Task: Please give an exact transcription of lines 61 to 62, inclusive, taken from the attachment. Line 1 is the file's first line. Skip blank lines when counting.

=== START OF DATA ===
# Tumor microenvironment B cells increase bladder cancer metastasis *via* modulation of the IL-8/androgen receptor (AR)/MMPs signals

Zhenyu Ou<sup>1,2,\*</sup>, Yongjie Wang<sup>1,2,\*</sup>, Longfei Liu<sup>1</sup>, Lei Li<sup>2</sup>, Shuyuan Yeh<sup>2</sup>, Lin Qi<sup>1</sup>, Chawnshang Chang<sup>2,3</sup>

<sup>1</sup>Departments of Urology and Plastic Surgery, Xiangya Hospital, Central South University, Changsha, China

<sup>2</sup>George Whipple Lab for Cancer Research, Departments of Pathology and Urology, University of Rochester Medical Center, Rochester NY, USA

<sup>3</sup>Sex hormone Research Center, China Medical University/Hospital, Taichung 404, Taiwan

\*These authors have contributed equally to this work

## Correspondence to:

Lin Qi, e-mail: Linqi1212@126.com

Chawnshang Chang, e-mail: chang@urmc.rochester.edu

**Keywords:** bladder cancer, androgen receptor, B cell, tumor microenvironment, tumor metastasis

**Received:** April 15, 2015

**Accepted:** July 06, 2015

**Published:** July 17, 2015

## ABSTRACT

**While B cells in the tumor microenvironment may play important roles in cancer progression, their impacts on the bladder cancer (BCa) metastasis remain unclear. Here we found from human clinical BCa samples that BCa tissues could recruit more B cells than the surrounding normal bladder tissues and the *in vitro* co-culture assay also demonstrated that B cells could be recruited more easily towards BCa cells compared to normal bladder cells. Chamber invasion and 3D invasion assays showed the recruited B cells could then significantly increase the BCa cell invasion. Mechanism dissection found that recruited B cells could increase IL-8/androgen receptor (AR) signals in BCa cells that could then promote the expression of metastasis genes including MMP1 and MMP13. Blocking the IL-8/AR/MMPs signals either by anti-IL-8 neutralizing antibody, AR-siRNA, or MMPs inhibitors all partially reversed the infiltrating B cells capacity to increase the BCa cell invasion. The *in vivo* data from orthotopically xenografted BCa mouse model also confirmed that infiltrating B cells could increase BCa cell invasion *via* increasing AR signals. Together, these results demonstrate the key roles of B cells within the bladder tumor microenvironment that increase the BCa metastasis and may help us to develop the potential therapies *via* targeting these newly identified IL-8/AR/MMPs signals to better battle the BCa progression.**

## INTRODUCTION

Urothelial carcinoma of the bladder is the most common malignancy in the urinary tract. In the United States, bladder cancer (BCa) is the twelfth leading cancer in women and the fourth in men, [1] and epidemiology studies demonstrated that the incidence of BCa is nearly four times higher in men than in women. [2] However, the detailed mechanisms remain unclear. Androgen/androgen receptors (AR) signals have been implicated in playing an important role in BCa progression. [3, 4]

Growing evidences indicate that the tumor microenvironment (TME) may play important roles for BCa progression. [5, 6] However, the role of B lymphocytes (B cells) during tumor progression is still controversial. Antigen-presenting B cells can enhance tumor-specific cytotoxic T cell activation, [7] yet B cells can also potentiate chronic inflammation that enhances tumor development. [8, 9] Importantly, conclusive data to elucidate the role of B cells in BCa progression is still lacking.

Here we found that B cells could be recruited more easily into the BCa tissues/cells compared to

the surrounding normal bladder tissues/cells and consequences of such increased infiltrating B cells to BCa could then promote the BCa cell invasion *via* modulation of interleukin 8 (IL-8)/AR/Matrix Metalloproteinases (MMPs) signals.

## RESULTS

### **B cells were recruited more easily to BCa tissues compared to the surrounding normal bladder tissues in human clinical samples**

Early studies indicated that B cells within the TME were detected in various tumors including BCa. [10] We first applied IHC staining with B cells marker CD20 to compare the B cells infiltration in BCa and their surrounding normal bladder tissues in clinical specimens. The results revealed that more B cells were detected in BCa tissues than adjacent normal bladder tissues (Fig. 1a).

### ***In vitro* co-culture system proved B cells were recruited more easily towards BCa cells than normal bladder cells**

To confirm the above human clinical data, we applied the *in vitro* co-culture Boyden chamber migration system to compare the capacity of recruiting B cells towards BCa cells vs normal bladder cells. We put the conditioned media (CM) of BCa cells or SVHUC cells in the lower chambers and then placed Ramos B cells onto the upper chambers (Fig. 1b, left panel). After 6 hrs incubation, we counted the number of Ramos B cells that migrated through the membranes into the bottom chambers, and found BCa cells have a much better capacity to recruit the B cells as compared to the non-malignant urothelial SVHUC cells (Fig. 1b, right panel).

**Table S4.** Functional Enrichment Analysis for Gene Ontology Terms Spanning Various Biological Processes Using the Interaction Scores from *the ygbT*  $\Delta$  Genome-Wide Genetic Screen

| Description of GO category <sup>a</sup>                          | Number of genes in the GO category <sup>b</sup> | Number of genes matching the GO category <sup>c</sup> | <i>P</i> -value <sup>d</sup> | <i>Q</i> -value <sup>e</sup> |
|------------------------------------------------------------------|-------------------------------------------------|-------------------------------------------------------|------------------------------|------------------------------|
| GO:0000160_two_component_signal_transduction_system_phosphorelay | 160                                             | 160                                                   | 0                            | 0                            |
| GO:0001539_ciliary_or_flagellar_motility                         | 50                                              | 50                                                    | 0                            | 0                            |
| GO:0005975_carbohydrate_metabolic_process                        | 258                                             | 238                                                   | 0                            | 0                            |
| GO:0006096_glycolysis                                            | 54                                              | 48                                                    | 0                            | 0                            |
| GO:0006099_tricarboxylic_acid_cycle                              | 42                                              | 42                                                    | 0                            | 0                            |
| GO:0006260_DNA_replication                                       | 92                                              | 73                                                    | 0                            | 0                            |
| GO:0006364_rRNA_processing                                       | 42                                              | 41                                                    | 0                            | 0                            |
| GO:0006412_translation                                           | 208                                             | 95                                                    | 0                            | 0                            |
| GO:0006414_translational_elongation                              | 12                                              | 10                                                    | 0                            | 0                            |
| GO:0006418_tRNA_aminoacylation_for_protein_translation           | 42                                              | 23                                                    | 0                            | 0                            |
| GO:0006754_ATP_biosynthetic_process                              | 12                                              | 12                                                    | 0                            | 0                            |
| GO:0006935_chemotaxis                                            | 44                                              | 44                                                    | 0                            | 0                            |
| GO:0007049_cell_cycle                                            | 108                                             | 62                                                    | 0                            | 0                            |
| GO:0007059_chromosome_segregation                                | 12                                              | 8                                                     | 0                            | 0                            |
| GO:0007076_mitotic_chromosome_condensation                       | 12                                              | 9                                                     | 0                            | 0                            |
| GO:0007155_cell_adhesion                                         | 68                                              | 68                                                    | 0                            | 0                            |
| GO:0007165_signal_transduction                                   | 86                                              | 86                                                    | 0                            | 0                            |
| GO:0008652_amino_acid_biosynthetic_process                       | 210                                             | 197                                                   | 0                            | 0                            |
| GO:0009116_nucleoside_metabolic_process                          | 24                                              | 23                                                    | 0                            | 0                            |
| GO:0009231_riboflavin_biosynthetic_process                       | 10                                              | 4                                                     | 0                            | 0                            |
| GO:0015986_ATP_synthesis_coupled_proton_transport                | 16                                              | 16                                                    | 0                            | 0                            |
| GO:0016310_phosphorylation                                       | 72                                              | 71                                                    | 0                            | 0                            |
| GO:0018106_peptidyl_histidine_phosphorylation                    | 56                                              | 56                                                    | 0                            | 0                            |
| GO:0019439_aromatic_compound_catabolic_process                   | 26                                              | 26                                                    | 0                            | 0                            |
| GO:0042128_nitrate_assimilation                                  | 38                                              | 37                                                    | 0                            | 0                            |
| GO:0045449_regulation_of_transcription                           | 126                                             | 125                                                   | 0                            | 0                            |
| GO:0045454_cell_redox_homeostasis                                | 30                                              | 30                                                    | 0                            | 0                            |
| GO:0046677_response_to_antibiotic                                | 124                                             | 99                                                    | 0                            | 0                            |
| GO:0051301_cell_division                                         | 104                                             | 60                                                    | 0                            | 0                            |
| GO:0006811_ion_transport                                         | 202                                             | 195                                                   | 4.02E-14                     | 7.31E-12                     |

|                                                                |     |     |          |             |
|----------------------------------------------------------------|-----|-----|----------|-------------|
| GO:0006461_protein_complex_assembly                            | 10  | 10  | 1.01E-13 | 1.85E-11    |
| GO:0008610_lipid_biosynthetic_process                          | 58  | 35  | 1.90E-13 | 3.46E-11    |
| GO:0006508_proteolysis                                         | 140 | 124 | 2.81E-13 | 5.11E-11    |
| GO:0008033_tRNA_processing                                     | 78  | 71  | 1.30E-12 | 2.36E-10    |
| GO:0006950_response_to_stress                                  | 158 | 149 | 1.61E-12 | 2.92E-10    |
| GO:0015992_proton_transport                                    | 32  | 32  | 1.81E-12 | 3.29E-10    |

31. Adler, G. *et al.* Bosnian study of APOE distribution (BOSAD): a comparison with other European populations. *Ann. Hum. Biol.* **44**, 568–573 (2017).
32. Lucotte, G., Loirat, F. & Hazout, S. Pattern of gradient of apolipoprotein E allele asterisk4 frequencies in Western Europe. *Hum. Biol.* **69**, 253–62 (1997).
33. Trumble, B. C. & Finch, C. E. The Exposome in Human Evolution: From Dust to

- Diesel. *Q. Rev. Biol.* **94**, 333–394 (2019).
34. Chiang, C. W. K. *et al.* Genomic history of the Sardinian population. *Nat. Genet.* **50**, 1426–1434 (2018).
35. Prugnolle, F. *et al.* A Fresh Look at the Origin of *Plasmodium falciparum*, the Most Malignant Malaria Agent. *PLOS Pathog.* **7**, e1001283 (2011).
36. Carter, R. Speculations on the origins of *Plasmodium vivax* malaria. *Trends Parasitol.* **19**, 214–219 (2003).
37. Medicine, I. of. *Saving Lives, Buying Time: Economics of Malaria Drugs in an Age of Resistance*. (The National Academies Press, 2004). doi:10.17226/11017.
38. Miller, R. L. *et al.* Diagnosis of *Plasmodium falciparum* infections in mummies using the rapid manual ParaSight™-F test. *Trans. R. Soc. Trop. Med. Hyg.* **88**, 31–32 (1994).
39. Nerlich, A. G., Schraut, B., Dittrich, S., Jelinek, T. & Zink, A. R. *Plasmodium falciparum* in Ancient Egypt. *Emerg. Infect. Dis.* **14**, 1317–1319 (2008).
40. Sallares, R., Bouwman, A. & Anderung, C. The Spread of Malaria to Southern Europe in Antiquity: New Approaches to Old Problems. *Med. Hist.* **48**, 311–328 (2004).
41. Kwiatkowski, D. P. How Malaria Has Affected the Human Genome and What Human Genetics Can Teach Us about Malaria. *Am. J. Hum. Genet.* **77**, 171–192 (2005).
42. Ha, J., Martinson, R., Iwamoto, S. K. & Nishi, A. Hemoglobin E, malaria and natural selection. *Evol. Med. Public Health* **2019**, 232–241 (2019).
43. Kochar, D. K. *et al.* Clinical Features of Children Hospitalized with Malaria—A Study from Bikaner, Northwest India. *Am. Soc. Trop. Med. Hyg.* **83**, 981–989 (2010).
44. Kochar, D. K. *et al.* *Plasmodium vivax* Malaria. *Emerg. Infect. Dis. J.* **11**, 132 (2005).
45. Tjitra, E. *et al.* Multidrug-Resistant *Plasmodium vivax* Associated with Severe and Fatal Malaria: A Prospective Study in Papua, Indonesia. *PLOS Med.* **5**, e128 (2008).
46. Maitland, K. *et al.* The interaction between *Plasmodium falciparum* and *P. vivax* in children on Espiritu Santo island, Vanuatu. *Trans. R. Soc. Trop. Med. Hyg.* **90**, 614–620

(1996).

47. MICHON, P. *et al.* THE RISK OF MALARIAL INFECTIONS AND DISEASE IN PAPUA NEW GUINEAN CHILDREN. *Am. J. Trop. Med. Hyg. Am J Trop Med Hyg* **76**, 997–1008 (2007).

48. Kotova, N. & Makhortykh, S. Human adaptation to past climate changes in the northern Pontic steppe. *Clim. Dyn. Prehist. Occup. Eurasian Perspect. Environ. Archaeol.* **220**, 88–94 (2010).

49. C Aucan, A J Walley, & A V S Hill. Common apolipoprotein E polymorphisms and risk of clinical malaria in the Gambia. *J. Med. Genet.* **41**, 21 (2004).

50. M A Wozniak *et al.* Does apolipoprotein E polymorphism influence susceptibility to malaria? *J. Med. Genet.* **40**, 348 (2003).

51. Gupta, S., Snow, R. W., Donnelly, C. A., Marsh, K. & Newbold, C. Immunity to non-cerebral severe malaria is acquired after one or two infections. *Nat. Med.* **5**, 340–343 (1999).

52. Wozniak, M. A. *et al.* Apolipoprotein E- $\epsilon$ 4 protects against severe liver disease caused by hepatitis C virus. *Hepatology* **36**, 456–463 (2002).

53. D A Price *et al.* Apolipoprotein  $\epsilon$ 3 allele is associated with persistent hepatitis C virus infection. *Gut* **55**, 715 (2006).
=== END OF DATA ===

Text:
| GO:0006461_protein_complex_assembly                            | 10  | 10  | 1.01E-13 | 1.85E-11    |
| GO:0008610_lipid_biosynthetic_process                          | 58  | 35  | 1.90E-13 | 3.46E-11    |